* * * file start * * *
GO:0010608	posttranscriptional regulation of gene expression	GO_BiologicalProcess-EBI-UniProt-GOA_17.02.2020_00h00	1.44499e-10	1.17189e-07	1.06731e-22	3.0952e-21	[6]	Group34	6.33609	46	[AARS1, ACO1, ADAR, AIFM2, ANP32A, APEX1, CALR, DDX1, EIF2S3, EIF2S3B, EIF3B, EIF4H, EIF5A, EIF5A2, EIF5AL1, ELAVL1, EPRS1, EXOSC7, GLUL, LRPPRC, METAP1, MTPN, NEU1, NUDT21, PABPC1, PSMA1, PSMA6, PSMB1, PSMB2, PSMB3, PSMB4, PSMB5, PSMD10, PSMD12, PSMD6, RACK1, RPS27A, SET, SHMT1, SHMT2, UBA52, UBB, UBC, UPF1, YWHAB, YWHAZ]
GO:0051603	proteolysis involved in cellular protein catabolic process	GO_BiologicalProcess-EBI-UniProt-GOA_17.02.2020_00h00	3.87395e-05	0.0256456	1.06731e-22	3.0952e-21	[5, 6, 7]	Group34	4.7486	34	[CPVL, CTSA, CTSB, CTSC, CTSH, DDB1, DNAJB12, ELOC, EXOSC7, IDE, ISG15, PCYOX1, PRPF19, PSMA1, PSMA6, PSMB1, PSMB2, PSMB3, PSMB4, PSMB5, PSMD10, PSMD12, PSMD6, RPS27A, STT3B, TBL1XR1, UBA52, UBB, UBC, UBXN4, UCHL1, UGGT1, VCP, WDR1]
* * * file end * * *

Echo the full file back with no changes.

GO:0010608	posttranscriptional regulation of gene expression	GO_BiologicalProcess-EBI-UniProt-GOA_17.02.2020_00h00	1.44499e-10	1.17189e-07	1.06731e-22	3.0952e-21	[6]	Group34	6.33609	46	[AARS1, ACO1, ADAR, AIFM2, ANP32A, APEX1, CALR, DDX1, EIF2S3, EIF2S3B, EIF3B, EIF4H, EIF5A, EIF5A2, EIF5AL1, ELAVL1, EPRS1, EXOSC7, GLUL, LRPPRC, METAP1, MTPN, NEU1, NUDT21, PABPC1, PSMA1, PSMA6, PSMB1, PSMB2, PSMB3, PSMB4, PSMB5, PSMD10, PSMD12, PSMD6, RACK1, RPS27A, SET, SHMT1, SHMT2, UBA52, UBB, UBC, UPF1, YWHAB, YWHAZ]
GO:0051603	proteolysis involved in cellular protein catabolic process	GO_BiologicalProcess-EBI-UniProt-GOA_17.02.2020_00h00	3.87395e-05	0.0256456	1.06731e-22	3.0952e-21	[5, 6, 7]	Group34	4.7486	34	[CPVL, CTSA, CTSB, CTSC, CTSH, DDB1, DNAJB12, ELOC, EXOSC7, IDE, ISG15, PCYOX1, PRPF19, PSMA1, PSMA6, PSMB1, PSMB2, PSMB3, PSMB4, PSMB5, PSMD10, PSMD12, PSMD6, RPS27A, STT3B, TBL1XR1, UBA52, UBB, UBC, UBXN4, UCHL1, UGGT1, VCP, WDR1]